As populations age in industrialized countries, the labor market participation of older workers becomes increasingly important—not only in order to safeguard the financing of public pension systems, but also to maintain a sufficiently large workforce. Over the last two decades, employment rates among the population aged 50 and above have increased in most industrialized countries. This has mostly been due to longer employment relationships. But it remains particularly difficult to integrate older workers back into work once they have moved into unemployment or non-participation.
One way to incentivize employers to hire or retain older workers is to pay them wage subsidies. These compensate employers for the gap between workers’ pay and productivity, as this gap is often responsible for employers’ unwillingness to employ older workers. Salaries tend to increase with age, due to deferred compensation schemes, collective bargaining agreements, or for other reasons, while productivity lags behind or even declines.
There is only limited empirical evidence on policies that target wage subsidies specifically to older workers. In the case of Germany, an evaluation of a subsidy program found that hiring subsidies did not lead to more hiring nor to earlier transitions from unemployment to employment, compared with a situation in which no subsidies were available. While there were large positive effects on subsidized employment, the effect on total (subsidized plus unsubsidized) employment was far lower. In other words, subsidized hiring merely replaced unsubsidized hiring.
Inducing employers to hire older workers whom they would not have hired without the subsidy may be a very ambitious objective. Perhaps it is easier to increase retention of older workers. Two examples from Finland and Belgium show that wage subsidies may indeed prevent premature transitions to early retirement. In Finland, a large-scale wage-subsidy program was available from 2006 to 2010 for all low-wage workers aged 54 years or older. Importantly, it covered only full-time workers. Finnish workers are entitled to switch to part-time early retirement at age 58. The wage subsidy could make this early retirement choice more costly to employers than subsidized full-time employment. Indeed, the share of the age group 58 years and older working part-time fell substantially after the subsidy program was introduced, while there was no change in younger, unsubsidized age groups.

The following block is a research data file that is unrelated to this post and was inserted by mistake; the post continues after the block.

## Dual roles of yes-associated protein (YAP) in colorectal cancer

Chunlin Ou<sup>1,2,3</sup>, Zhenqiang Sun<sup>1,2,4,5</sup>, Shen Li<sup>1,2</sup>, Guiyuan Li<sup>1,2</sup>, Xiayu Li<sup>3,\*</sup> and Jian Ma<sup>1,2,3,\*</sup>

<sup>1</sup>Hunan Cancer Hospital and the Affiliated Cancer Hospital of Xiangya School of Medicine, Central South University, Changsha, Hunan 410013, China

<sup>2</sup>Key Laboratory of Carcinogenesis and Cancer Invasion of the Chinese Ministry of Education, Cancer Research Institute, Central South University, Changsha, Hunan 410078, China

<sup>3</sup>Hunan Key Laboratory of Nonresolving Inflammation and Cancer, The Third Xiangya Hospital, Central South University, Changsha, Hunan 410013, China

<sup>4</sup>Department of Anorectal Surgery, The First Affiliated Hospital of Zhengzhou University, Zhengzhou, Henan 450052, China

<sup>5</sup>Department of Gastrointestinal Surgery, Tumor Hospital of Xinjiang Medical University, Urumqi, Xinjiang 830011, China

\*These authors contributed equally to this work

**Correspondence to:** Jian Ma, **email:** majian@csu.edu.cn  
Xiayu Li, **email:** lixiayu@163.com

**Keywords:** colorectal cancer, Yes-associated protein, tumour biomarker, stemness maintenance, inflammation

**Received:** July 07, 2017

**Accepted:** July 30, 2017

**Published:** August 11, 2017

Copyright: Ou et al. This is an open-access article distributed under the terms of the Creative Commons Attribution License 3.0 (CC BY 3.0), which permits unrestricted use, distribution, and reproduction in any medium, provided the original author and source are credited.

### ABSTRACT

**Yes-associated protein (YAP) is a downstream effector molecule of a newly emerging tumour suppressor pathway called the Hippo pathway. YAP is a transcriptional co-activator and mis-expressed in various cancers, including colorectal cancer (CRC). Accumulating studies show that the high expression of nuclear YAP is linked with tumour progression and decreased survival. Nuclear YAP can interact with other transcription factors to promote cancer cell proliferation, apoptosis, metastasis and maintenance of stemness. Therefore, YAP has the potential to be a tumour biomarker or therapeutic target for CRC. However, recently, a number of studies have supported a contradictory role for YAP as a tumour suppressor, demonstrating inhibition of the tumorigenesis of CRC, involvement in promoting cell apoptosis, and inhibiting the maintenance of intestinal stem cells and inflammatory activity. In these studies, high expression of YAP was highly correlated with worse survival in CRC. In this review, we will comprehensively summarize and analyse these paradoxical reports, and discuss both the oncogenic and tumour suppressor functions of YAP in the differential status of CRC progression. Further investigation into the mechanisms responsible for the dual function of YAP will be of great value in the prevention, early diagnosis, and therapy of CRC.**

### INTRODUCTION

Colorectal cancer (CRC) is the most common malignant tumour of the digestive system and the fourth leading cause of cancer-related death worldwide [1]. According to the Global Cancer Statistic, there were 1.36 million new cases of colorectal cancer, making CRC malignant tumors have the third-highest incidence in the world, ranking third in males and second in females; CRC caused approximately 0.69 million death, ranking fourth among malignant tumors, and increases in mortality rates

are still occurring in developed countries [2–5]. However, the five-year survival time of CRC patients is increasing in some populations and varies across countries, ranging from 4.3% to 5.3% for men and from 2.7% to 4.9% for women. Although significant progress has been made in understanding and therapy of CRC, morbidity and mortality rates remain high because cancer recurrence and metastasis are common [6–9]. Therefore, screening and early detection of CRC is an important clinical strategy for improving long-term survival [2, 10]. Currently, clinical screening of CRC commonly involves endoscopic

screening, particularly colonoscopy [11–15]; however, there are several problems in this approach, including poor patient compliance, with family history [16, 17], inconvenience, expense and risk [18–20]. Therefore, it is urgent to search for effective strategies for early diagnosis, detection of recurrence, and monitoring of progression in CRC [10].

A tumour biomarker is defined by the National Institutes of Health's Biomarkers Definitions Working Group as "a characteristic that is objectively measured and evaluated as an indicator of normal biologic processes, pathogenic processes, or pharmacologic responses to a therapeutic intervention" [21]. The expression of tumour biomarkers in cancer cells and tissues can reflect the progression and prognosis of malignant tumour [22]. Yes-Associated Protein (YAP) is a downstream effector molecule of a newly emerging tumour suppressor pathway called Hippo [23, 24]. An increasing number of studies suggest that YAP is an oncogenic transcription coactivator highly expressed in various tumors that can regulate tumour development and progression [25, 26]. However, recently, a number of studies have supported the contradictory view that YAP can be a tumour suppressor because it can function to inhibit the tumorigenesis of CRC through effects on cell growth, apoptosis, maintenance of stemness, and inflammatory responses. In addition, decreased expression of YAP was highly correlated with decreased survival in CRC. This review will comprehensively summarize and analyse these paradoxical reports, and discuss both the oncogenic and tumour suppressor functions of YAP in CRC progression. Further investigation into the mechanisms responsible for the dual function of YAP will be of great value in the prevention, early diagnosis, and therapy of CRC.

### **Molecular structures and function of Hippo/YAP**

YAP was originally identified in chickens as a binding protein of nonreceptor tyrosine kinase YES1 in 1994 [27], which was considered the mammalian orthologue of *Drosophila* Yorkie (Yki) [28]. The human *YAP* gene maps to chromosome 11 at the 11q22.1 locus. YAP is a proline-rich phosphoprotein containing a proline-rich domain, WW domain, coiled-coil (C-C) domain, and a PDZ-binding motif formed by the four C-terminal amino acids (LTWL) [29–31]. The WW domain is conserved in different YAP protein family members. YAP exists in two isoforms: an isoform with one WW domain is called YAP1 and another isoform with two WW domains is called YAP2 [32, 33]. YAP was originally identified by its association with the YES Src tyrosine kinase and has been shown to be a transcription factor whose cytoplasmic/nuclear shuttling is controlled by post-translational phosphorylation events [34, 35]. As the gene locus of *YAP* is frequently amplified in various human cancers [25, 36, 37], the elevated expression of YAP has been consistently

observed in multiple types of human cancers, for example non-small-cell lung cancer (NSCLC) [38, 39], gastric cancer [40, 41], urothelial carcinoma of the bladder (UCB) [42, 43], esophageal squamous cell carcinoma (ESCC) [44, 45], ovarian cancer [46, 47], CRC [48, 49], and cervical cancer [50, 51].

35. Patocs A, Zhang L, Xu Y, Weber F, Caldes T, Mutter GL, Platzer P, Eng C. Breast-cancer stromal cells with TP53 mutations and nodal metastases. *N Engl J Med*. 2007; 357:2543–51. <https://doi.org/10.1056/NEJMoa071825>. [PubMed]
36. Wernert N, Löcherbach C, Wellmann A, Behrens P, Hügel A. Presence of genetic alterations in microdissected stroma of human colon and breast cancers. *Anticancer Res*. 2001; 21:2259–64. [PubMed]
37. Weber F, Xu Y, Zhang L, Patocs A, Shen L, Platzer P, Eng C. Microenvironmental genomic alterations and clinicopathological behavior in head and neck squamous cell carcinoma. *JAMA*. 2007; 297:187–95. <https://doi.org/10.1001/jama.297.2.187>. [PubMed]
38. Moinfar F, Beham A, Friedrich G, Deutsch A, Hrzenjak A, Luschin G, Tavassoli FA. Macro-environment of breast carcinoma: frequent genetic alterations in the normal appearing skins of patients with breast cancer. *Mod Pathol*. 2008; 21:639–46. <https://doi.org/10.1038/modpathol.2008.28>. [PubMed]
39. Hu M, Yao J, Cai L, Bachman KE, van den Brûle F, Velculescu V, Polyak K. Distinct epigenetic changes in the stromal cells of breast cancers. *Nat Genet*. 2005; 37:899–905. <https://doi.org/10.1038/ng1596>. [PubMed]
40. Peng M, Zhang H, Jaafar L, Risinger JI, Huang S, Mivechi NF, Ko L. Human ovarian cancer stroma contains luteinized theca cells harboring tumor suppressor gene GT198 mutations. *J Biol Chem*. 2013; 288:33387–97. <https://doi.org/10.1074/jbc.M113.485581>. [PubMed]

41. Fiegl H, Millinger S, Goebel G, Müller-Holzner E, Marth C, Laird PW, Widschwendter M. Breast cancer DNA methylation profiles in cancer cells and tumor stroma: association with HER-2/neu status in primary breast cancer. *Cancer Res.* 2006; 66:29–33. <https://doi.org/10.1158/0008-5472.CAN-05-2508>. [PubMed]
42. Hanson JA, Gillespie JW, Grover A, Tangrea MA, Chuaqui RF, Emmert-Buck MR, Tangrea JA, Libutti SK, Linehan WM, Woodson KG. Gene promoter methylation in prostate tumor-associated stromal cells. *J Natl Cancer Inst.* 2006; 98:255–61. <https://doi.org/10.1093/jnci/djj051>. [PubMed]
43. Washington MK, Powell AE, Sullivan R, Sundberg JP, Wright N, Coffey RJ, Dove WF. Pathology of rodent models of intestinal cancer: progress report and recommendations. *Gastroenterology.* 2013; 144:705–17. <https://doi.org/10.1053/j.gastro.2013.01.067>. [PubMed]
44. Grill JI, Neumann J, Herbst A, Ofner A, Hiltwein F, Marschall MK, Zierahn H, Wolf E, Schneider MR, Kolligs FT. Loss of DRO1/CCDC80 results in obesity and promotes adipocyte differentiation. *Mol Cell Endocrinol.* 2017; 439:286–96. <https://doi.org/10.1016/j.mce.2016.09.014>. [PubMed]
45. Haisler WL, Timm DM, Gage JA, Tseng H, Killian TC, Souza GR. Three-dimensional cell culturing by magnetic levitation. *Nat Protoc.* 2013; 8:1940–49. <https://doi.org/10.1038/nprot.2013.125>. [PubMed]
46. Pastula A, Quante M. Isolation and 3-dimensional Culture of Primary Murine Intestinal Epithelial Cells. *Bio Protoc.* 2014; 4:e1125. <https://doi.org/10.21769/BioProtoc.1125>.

Belgium introduced a similar policy in 2002: a permanent wage subsidy (a reduction in employers’ social security contributions) targeted to workers aged 58 or older. An increase in employment occurred only in the manufacturing sector, where most workers have the option of taking early retirement. Again, this indicates that the subsidy made early retirement less attractive.
Wage subsidies do not seem to boost employment in the workforce as a whole, and they are not appropriate instruments for increasing the hiring of older workers. Alternative policies, such as providing training, may be more effective. The results for Finland and Belgium suggest that wage subsidies for older workers may be effective in preventing early retirement. However, rather than mitigating early retirement incentives by wage subsidies, removing these incentives altogether might be an even more efficient policy.
Related article: The effects of wage subsidies for older workers
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